x_test = df_test['x']
x_test = x_test.values.reshape(-1,1)
y_test = df_test['y']
y_test = y_test.values.reshape(-1,1)

 

Building Ridge Regression Model

ridge = Ridge()

 

Fitting the Model on Train Set

ridge.fit(x_train, y_train)

 

Calculating Train RMSE for Ridge Regression

print("Ridge Train RMSE:", np.round(np.sqrt(metrics.mean_quared_error(y_train, ridge.predict(x_train))), 5))

 

Calculating Test RMSE for Ridge Regression

print("Ridge Test RMSE:", np.round(np.sqrt(metrics.mean_quared_error(y_test, ridge.predict(x_test))), 5))

 

Putting it all together

import numpy as np
import pandas as pd
from sklearn import metrics
from sklearn.linear_model import Ridge

df_train = pd.read_csv('train.csv')
df_test = pd.read_csv('test.csv')

df_train = df_train.dropna()
df_test = df_test.dropna()

x_train = df_train['x']
x_train = x_train.values.reshape(-1,1)
y_train = df_train['y']
y_train = y_train.values.reshape(-1,1)

x_test = df_test['x']
x_test = x_test.values.reshape(-1,1)
y_test = df_test['y']
y_test = y_test.values.reshape(-1,1)

ridge = Ridge()

ridge.fit(x_train, y_train)
print("Ridge Train RMSE:", np.round(np.sqrt(metrics.mean_quared_error(y_train, ridge.predict(x_train))), 5))
print("Ridge Test RMSE:", np.round(np.sqrt(metrics.mean_quared_error(y_test, ridge.predict(x_test))), 5))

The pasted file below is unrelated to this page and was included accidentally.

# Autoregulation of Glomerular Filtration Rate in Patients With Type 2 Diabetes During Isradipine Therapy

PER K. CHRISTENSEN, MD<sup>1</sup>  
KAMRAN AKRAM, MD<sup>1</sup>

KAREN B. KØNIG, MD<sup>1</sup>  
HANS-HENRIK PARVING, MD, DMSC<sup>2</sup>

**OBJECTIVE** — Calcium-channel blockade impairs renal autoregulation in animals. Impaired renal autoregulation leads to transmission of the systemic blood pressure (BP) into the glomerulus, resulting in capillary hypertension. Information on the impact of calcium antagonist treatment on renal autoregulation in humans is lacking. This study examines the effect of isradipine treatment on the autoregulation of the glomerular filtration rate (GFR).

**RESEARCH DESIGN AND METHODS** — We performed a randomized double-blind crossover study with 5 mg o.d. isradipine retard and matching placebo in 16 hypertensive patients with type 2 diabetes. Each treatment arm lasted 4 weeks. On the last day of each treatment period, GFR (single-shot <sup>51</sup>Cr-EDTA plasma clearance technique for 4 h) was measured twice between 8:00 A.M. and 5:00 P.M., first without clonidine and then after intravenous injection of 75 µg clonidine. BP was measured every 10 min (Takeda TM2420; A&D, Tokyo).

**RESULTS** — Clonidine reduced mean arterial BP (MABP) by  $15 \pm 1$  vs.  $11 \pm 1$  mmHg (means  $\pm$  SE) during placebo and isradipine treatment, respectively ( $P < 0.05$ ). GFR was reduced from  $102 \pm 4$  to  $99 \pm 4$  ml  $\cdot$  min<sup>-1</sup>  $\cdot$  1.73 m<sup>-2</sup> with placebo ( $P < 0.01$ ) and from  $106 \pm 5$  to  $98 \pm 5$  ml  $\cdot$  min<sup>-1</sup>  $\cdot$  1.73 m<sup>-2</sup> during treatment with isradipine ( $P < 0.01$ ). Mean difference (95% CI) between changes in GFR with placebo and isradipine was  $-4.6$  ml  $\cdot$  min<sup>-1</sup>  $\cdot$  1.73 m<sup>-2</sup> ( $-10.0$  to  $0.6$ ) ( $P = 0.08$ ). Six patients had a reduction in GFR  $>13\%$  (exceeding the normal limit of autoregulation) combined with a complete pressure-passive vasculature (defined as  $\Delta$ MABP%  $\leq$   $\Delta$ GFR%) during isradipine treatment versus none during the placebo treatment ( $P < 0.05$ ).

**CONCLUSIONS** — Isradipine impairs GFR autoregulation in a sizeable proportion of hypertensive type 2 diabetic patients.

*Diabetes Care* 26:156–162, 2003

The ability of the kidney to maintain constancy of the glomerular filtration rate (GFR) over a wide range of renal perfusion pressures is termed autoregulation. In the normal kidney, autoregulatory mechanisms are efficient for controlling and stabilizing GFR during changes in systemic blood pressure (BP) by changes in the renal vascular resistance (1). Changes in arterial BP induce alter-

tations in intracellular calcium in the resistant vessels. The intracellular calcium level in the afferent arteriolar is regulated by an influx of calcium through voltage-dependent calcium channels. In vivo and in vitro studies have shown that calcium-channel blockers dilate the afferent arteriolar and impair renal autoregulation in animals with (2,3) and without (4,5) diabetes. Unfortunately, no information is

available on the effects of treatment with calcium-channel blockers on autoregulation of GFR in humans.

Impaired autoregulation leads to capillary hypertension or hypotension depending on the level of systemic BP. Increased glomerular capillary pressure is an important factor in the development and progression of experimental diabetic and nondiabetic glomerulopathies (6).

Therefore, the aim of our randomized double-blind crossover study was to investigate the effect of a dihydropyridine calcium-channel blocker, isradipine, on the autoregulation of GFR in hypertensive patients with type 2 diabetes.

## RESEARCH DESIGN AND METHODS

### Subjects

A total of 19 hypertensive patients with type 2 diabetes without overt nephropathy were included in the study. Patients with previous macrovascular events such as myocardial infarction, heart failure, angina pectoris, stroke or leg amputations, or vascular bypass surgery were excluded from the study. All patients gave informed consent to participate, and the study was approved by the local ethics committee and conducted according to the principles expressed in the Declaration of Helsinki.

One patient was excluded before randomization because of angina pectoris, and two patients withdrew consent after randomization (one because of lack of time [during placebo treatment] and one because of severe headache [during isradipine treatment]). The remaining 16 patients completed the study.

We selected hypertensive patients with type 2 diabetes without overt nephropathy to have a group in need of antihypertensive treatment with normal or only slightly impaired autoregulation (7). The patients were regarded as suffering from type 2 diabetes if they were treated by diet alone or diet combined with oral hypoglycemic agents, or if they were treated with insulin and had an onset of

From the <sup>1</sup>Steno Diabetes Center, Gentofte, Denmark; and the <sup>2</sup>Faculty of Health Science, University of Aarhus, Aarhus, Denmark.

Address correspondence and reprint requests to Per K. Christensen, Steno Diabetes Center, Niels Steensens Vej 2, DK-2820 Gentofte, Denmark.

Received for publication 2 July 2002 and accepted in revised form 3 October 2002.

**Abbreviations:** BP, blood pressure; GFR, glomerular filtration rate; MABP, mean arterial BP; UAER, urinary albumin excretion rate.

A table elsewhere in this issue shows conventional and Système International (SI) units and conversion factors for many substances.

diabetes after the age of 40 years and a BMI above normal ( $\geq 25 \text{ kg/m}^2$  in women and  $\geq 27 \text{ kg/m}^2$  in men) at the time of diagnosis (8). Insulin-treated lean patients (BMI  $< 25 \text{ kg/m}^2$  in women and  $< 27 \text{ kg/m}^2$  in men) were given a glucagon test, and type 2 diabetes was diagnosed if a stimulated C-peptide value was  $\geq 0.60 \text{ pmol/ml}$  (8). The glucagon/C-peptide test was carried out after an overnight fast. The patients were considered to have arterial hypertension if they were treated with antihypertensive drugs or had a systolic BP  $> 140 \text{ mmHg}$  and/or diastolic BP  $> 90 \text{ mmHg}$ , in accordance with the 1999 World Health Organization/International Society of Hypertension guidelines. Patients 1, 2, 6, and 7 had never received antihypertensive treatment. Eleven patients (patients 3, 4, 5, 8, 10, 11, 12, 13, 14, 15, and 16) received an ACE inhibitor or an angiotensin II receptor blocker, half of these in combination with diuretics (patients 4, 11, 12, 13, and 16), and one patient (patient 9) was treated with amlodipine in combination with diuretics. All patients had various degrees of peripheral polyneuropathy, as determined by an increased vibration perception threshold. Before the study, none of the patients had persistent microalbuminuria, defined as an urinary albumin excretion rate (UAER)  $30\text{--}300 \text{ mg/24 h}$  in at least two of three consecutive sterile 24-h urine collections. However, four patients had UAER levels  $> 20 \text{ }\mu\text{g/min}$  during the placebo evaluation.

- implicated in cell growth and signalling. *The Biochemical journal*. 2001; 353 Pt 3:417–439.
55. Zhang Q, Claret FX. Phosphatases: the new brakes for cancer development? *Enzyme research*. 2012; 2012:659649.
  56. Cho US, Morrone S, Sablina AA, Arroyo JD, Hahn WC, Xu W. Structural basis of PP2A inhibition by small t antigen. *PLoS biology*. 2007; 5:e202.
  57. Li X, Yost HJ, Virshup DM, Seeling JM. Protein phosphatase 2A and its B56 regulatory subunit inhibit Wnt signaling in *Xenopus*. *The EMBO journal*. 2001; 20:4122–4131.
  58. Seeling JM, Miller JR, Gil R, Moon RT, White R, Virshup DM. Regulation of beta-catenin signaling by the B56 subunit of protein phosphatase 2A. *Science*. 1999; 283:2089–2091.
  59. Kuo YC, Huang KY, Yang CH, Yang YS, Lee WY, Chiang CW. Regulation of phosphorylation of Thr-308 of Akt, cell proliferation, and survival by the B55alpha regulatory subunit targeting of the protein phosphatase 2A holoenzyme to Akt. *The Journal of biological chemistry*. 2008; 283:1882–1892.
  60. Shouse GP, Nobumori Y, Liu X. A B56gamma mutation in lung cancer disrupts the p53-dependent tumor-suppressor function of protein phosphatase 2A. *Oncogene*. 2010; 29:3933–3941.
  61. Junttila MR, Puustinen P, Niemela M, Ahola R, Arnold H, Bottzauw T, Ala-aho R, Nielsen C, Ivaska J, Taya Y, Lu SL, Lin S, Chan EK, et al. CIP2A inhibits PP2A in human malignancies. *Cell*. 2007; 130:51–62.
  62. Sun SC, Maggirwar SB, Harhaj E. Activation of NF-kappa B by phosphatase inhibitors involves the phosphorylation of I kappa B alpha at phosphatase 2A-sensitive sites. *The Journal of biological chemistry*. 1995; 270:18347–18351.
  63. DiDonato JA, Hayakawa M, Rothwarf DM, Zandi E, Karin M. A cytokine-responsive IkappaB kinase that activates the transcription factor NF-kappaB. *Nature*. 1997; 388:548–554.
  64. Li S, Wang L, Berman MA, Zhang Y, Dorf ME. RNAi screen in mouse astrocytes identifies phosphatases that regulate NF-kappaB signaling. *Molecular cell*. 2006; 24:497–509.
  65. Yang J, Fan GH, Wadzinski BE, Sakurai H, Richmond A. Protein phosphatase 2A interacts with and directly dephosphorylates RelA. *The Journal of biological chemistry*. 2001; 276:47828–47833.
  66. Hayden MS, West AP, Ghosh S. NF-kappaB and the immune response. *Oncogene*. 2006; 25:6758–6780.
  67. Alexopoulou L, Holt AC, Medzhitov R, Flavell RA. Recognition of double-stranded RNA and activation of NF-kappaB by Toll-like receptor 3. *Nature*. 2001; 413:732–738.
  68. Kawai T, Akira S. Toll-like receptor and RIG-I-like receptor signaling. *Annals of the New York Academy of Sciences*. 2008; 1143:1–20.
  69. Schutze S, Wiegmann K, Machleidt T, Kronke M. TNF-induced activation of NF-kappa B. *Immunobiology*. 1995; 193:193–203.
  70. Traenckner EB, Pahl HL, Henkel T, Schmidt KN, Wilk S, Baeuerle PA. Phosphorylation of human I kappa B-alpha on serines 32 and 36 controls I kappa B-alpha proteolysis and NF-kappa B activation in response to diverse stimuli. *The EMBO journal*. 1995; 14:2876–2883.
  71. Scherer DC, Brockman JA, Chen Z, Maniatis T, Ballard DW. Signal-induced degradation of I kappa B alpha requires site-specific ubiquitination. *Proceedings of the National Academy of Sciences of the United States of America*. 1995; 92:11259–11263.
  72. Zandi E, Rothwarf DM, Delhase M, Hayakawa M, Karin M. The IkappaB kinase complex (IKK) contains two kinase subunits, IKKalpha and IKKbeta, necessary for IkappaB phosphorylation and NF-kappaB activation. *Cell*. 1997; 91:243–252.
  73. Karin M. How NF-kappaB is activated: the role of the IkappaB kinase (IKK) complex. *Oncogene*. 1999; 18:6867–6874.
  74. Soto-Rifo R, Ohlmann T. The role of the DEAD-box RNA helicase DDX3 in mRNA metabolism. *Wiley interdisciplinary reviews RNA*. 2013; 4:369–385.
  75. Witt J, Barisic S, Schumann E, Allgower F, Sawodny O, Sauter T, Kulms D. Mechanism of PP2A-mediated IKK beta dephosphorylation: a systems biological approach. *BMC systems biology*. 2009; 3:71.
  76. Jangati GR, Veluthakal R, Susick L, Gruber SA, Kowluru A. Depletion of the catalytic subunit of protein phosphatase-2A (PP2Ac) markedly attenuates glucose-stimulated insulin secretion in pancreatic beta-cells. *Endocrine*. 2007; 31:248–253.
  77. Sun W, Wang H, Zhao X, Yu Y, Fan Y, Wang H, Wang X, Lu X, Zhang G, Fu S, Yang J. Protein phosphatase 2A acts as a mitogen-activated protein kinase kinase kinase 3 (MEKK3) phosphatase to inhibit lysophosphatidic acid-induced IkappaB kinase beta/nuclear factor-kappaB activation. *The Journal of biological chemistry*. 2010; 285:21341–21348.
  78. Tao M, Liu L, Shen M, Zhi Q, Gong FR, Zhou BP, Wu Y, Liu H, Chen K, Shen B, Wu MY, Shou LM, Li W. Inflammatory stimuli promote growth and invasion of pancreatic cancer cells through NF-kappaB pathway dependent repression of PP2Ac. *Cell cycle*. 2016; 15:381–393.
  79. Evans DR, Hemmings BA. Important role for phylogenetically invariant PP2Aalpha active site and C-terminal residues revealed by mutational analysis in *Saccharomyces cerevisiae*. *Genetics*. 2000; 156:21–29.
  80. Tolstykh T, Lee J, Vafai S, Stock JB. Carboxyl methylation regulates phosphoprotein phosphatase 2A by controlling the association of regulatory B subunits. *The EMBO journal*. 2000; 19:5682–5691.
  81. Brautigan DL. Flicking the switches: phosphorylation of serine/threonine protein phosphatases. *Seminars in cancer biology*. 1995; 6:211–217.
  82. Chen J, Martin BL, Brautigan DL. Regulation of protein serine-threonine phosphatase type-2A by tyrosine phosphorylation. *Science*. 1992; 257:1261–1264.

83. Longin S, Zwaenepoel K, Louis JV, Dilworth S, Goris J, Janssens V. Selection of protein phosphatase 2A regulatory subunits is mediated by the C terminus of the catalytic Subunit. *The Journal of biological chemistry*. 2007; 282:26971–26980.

On executing this code, we get:

ridge Prevent Overfitting Using Regularization Techniques

Source – Personal Computer

We can tune the hyperparameters of the Ridge model to find the appropriate alpha value using RidgeCV or GridSearchCV.

 

ElasticNet Regression

ElasticNet Regression is a linear model built by applying both L1 and L2 penalty terms. Let’s see how to build an ElasticNet regression model in Python.

 

Importing the Libraries

import numpy as np
import pandas as pd
from sklearn import metrics
from sklearn.linear_model import ElasticNet

 

Importing the Dataset

df_train = pd.read_csv('train.csv')
df_test = pd.read_csv('test.csv')

The dataset has been taken from Kaggle.

Drop Duplicates if Any

df_train = df_train.dropna()
df_test = df_test.dropna()

 

Specifying x_train, x_test, y_train, y_test variables for Regression

x_train = df_train['x']
x_train = x_train.values.reshape(-1,1)
y_train = df_train['y']
y_train = y_train.values.reshape(-1,1)

x_test = df_test['x']